I might be a farmer and an agricultural economist, but I am a student of history. Back in the day when I was roaming the halls of the University of Guelph, I’d take a history course over almost anything else. I enjoy history; I think it’s very important partly because if we don’t know where we have been, we won’t have a clue on where we are going. Truly understanding our politics and our economics takes a good dose of history.
I say that this week because of the events in Ukraine, which have supported our grain markets over the last few weeks. As all of you know, Russian troops moved in to the Crimea region of Ukraine after their President fled the country after mass killing in Kiev. With the Ukraine as a major exporter of grain, it has sent reverberations throughout the grain complex. Call it an unexpected Tuesday. Not many of us saw it coming. However, when even a small black Swan shows up unexpected in a grain-exporting nation it’s all-good for the rest of us. That is, so far.
It is an accident of history that we are here today. In 1954 Nikolai Khrushchev, the leader of the Soviet Union ceded Crimea to the Ukraine. At that time it was all the Soviet Union and an argument could be made, what difference did it make? The Communist Party would rule this land at the barrel of the gun into perpetuity. Of course that all changed in 1991 when the Soviet Union was dissolved and Russia had to negotiate with Ukraine for the leasing of the Russian Black Sea fleet. 23 years later Russia has moved back in and who knows what happens next.
This is not some obscure Third World nation with a few tribal problems. This is Russia, one of the most powerful countries on earth shoving its weight around in its own neighborhood. To think that this problem will simply go away is folly at best. History tells us that. Needless to say, I chafed this past week when some media commentators had no appreciation for the history of this region. For the life of me, all they had to do was Google the Soviet Union.
I was especially astonished by the attitude of our own Canadian government. It is almost like we are jingoistic with our political rhetoric. They even flew the Ukrainian flag on Parliament Hill. Now, on March 16th, citizens will be voting on whether they want an autonomous Republic of Crimea within Russia or the Ukraine. The symbolism with Quebec is striking and with the Québec election called today, don’t be surprised if you hear about this during the election campaign. Sometimes freedom and liberty comes in strange ways and our own government might measure their words regarding Ukraine very shortly.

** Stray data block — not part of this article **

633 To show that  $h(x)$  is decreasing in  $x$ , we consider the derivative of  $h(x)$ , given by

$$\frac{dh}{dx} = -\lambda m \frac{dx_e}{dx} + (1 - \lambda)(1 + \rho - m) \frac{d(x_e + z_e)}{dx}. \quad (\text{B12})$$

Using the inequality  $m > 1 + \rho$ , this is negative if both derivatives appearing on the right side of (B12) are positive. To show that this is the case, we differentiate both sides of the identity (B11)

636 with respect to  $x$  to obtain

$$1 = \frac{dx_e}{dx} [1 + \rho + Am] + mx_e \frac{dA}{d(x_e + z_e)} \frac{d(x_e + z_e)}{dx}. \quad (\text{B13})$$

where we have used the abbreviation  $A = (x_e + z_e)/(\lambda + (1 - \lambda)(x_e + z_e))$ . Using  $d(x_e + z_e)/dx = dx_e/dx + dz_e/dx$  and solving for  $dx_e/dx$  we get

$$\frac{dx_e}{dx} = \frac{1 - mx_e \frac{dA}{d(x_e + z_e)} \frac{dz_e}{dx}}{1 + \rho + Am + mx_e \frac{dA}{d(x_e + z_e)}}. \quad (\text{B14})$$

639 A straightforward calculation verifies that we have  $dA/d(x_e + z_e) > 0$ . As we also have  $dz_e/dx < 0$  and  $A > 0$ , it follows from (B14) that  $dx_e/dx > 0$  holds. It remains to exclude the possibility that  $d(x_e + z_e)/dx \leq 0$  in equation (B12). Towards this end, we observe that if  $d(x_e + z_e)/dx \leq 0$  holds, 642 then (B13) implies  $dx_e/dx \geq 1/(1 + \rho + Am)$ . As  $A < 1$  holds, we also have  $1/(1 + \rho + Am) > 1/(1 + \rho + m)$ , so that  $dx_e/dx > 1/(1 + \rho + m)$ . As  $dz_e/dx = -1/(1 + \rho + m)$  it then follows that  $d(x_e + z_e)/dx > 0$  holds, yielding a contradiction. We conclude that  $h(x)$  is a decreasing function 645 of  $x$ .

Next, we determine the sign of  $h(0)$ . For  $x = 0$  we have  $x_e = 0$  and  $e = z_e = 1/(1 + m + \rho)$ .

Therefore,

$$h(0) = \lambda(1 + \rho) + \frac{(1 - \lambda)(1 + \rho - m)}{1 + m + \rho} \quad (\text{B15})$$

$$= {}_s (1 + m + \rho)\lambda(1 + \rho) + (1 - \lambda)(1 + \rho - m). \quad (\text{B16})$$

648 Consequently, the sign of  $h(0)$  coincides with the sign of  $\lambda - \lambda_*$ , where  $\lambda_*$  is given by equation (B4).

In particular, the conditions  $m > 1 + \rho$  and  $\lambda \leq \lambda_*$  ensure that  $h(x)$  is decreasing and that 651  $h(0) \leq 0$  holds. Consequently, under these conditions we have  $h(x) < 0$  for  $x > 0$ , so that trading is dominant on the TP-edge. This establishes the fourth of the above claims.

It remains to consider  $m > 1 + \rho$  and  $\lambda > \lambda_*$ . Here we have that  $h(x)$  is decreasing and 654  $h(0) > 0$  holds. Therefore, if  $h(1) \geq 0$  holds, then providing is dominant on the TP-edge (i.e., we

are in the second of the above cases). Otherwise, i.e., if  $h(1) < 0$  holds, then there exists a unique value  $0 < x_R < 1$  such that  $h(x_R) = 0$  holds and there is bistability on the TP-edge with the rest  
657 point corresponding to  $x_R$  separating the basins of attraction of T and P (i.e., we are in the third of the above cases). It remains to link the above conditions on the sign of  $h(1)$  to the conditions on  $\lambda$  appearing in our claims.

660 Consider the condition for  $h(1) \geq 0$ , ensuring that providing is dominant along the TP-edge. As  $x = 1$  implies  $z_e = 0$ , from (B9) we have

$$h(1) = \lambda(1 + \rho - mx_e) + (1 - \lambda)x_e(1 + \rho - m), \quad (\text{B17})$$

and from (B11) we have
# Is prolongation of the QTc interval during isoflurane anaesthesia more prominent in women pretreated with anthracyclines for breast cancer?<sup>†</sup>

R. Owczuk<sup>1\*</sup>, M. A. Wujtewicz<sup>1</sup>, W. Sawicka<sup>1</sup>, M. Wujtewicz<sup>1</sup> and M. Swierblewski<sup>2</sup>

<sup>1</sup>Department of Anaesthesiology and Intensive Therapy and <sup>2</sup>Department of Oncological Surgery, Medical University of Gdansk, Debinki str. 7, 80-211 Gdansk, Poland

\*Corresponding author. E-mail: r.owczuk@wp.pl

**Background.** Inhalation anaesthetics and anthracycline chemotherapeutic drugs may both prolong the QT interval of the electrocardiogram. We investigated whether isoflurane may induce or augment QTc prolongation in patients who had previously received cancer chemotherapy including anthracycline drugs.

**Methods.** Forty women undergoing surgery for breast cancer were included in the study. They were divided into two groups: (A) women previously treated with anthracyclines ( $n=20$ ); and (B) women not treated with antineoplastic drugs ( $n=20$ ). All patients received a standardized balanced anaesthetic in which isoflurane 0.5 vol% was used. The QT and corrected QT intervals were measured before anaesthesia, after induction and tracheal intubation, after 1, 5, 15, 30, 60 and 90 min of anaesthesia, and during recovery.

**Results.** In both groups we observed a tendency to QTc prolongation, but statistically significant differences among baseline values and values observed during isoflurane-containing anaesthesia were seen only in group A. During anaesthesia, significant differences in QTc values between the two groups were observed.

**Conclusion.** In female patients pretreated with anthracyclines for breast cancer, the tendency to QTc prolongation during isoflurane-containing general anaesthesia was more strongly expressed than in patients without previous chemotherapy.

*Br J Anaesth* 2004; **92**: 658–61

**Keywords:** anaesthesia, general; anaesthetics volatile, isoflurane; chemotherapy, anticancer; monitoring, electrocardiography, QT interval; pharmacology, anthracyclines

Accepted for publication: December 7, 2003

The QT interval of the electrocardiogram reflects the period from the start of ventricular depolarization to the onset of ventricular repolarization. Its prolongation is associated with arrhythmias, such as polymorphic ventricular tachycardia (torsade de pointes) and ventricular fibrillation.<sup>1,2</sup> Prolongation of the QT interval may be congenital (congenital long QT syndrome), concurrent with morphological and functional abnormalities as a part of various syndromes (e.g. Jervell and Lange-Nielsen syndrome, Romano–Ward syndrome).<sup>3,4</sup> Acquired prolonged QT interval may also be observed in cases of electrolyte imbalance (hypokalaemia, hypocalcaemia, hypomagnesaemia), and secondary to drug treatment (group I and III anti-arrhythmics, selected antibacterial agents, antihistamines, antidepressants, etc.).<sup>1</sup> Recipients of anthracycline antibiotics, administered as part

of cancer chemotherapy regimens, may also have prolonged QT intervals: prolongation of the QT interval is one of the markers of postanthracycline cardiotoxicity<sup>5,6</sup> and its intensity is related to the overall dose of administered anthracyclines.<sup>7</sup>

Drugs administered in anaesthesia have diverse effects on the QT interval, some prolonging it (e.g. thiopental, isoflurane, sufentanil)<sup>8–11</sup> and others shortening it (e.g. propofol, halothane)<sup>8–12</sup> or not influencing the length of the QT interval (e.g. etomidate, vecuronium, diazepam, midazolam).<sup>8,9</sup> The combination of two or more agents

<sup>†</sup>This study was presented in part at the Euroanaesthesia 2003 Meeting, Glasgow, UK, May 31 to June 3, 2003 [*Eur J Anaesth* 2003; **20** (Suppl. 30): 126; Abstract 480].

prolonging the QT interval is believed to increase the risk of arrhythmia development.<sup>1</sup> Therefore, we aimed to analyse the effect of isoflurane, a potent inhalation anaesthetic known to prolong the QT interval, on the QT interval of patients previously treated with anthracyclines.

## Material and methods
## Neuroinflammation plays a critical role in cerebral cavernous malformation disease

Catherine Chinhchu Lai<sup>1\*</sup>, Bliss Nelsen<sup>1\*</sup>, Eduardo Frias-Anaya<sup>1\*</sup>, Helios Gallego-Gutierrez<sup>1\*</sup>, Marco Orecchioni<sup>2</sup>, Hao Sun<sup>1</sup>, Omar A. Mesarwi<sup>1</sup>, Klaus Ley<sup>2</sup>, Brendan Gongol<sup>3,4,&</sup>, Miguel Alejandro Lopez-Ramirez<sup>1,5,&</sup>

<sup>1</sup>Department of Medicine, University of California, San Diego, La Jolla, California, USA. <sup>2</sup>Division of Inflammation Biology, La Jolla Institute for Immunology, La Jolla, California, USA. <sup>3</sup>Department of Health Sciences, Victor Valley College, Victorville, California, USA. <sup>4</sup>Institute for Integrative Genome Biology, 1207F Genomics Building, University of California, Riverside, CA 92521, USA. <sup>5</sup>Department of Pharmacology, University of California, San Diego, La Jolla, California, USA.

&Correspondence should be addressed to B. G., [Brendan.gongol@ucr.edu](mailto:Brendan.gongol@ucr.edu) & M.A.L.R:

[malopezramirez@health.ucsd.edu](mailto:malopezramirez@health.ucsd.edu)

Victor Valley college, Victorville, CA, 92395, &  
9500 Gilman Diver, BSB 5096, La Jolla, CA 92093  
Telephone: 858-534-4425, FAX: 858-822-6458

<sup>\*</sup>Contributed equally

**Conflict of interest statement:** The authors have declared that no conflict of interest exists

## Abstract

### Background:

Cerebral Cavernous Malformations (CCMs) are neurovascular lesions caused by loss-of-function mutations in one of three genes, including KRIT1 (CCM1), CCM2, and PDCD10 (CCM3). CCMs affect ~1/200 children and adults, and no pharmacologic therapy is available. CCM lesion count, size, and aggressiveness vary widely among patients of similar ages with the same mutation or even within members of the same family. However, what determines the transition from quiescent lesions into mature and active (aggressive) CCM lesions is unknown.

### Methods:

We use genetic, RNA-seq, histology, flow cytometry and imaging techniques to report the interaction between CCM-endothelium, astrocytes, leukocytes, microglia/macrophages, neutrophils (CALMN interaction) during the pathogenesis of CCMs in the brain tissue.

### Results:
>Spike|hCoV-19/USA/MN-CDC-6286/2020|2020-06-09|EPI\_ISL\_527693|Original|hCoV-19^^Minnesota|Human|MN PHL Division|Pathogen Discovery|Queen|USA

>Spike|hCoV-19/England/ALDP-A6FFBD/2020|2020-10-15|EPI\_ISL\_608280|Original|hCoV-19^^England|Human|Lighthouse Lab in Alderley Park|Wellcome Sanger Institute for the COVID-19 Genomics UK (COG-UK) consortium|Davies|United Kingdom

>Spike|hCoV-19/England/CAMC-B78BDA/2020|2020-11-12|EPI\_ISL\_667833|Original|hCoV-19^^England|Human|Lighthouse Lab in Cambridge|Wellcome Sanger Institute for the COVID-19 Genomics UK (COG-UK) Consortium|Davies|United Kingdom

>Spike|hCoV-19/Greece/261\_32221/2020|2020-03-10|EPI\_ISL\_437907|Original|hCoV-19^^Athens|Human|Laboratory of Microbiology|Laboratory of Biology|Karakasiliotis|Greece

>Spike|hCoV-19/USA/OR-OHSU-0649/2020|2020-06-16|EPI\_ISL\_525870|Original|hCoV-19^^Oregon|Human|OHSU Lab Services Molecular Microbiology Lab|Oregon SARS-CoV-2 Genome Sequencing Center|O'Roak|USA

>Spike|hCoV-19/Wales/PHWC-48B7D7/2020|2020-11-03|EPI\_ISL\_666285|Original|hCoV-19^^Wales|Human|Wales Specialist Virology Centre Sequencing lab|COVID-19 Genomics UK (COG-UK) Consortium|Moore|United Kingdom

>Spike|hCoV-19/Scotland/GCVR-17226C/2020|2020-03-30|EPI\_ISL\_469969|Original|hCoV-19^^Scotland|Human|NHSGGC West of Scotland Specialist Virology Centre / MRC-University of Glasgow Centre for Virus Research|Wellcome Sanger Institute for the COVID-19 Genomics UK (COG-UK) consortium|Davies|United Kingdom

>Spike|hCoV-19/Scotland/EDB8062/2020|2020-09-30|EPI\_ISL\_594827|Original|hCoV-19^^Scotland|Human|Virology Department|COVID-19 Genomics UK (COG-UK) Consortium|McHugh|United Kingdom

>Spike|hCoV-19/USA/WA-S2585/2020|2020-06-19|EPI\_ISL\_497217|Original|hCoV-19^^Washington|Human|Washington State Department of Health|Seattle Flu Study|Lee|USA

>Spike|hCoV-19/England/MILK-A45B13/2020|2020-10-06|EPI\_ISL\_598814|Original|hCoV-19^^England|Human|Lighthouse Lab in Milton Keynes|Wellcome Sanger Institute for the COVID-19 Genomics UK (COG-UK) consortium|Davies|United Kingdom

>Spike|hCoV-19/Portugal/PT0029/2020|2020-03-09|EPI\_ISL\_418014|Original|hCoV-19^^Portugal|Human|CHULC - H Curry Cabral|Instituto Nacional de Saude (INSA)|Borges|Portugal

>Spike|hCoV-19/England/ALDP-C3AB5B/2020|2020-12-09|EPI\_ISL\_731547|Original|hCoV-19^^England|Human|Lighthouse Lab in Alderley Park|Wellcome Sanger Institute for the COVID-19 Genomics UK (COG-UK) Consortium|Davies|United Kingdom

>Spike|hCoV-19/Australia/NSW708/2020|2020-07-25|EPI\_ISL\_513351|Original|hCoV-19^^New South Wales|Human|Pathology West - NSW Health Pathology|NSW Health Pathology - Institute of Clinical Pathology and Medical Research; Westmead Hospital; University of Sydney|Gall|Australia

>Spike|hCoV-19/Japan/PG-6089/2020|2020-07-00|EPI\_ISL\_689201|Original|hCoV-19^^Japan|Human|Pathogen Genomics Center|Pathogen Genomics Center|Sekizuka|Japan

Meanwhile, according to my friend Elaine Kub in her latest column HRW has risen 14.5%, HRS 12.8% and SRW wheat 5.5% in this calendar year. Of course much of this has to do with the possible blockade of Ukrainian ports at the Sea of Asov where much Ukrainian wheat is loaded in small ships and floated down to Egypt and other end users.
This latest news from the Ukraine was on top of the noncommercial demand interests in the agricultural commodity market getting back into the game. All had been net long after being net short for so long leading up to the January USDA report. I have also been interested in many analysts talking about the situation “settling down” and putting grains back to sleep for a little while. When I read that, I think of the history in this area and think they really don’t get it. That may happen, but it is unlikely because if these big players start shooting, grain markets will never be the same.
This is history we’re talking about here! There are jealousies, prejudices, injustices, chicanery and a whole host of other ugly things that get in the way of good economics and good sense. This is how wars start and when they do start especially on the steps of Europe it can get ugly really fast. As farmers we need to keep that in our mind. We all hope there will be no bloodshed and cooler heads prevail but it doesn’t always happen that way on the Black Sea.
Keep in mind in our twitterized sound bite world; none of these outcomes may come quickly in nice neat packages. It might get messy over a period of weeks or months and if it does our world will become more dangerous and our markets much more volatile. This is the world we live in and our free markets will adjust accordingly. That goes for the grains too. Hither the snow ice and cold here and the war clouds overseas. Things could get messy real fast.